Retirement made easy, sort of

Updated: Sep 30 2006, 05:56am hrs
If we cant make you rich, maybe we can make you feel better about not having enough money.

In essence, that increasingly will become the pitch of the financial services industry, according to Financial Planning. Life planning, which effectively drops the assumption that the advisers role is to maximize wealth, is becoming mainstream, the magazine writes.

A recent advertisement from Ameriprise shows what this is all about: In the headline What assets do you have, the word assets is crossed out and replaced with dreams.

The change in focus has come about for two reasons, Joan Warner writes. First, financial services companies have discovered that baby boomers a core audience -- are uncomfortable with material success for its own sake.

Thats fine. But the second reason is more troubling. Many boomers are discovering they simply have not saved enough money and dont have enough time to eliminate the shortfall.

Life planning can keep boomers from panicking, Warner writes. Instead of starting with their peak cost of living and trying to match it after retirementand despairing that theyll never be able to do so the adviser will focus on whats most important to a client and help her figure out what it will cost.

No one is in favor of panic. But this shift in approach sounds dangerously close to the old joke about asking the doctor to touch up the X-rays when you dont like the diagnosis.

An increasingly popular choice when investing for retirement is using target-date, or life cycle, mutual funds.

These funds invest in a combination of stocks, bonds and cash. What differentiates them is that the investment mix automatically becomes more conservative the percentage in stocks decreases and the amount of money in bonds and cash increasesas the investor ages.

You would think that funds designed for people who plan to retire in, say, 2030 would be pretty much in agreement on how the money is spread out between stocks and bonds, Rob Wherry writes in Smart Money. Think again. T Rowe Prices Retirement 2030 fund is 93.5% invested in stocks, while Barclays Life Path 2030 fund thinks 78% in equities is the right mix for a 40-year-old retirement investor.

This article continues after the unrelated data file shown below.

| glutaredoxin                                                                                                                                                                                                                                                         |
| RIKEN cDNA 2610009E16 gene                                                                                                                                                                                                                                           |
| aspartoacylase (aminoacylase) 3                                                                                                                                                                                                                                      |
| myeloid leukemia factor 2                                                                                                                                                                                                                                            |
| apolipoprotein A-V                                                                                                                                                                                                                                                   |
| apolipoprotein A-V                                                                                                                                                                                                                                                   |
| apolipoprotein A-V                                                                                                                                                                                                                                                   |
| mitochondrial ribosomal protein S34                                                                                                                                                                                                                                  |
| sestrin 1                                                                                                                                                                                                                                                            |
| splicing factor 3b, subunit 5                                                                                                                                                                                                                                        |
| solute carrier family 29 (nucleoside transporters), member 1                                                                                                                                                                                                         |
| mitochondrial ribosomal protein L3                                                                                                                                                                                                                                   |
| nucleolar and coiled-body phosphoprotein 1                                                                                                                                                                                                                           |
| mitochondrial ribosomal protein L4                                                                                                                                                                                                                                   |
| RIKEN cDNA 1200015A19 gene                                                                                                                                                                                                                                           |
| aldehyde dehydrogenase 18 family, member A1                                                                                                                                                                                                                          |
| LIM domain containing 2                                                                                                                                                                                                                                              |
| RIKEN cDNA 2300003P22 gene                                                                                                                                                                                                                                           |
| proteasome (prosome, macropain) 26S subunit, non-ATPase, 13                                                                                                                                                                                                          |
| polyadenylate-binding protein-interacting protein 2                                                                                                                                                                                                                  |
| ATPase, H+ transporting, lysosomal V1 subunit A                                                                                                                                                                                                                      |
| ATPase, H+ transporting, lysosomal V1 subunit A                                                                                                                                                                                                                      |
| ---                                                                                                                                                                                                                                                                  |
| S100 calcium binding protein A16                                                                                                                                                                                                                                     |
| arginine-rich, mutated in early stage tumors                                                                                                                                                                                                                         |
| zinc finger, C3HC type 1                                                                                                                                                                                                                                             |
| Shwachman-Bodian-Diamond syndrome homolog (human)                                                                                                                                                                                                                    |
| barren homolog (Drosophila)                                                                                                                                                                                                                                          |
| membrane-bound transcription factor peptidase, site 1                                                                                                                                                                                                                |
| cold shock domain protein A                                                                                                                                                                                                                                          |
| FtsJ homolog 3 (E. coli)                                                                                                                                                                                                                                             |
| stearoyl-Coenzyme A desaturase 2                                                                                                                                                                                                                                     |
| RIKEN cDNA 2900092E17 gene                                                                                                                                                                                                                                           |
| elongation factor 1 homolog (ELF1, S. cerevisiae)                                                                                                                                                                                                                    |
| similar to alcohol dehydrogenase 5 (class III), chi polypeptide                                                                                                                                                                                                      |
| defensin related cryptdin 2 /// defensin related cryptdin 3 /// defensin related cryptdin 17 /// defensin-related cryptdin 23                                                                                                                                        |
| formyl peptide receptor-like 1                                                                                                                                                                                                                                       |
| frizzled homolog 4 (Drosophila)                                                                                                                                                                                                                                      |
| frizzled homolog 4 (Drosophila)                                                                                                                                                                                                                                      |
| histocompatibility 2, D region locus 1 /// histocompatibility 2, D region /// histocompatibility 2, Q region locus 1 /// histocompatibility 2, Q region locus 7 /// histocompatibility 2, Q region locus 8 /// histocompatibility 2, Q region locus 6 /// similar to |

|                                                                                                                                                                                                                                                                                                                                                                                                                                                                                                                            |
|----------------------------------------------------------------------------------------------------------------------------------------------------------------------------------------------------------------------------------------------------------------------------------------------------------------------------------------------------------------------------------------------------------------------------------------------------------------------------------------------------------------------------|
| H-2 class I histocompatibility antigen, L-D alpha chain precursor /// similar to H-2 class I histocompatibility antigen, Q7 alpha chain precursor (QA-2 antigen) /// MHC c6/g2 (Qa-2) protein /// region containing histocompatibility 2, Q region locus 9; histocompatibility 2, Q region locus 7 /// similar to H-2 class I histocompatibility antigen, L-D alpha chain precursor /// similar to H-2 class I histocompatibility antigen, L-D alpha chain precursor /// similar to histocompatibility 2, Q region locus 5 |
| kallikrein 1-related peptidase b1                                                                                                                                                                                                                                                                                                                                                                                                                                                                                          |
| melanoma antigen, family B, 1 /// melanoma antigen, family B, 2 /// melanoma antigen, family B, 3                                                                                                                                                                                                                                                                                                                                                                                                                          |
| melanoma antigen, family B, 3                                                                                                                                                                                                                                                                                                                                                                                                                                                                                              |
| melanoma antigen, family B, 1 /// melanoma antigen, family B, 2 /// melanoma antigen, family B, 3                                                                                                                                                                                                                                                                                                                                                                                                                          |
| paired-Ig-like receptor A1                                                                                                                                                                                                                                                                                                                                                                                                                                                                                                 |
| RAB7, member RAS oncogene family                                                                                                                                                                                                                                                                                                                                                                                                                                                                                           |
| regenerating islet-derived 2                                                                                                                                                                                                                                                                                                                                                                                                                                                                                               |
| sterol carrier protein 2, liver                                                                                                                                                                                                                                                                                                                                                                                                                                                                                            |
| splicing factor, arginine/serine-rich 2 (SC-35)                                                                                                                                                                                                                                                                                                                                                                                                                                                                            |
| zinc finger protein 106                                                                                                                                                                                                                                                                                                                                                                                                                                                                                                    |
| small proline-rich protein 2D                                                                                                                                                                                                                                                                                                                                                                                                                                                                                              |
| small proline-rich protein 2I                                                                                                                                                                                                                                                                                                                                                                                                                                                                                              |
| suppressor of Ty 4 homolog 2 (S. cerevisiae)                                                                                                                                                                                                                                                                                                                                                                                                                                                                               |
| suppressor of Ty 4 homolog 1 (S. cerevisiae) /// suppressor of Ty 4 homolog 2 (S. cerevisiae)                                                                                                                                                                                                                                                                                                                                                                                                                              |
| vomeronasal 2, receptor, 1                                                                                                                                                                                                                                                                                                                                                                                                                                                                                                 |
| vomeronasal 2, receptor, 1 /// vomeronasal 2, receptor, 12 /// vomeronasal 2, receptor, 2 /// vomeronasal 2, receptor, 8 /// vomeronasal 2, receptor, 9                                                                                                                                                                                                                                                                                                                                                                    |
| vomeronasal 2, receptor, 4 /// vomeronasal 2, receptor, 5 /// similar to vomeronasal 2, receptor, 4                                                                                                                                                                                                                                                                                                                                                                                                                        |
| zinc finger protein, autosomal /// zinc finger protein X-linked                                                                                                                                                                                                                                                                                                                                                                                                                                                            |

Heres why that disparity is important: According to a specialist quoted, a typical retirement portfolio that starts with 90 % of its assets in stocks, dropping to 65 % at retirement could add up to as much as $2.5 million after 40 years of savings.

A similar portfolio that starts with 70% of its holding in equities could be worth $1 million less.

Of course, the higher the %age of your assets in stocks, the more volatile the performance of the fund, and how much risk to take is a personal choice.

But, says Thomas Fontaine, a senior portfolio manager quoted in the article, We would argue a more conservative approach is actually a riskier one. The biggest risk retirees face, he said, is not that they will lose money in the market, but that they will outlive their money.

Redoing a kitchen is always popular, and homeowners are constantly adding on a room. But the current housing trend may surprise you.

Garage makeovers are the hottest home improvement category today, Michele Meyer writes in Weekend. Last year, Americans spent $800 million on garage-organising products, double what they spent six years ago. And there are more than 500 garage-organizing firms helping out.

There is a reason for all this activity: Most Americans use their garages for everything but the family roadster, Meyer writes. In fact, 91 % of two-and three-car garages in America hold only one car.

The HR department giveth, and the HR department taketh away.

CFO magazine reports more than half of Fortune 500 companies now provide benefits that cover domestic partners of employees. That is more than double the figure just six years ago.

At the same time, Parenting writes that only 18% of employers provide fully paid maternity leave today; that figure stood at 27% in 1998.

NY Times/ Paul B Brown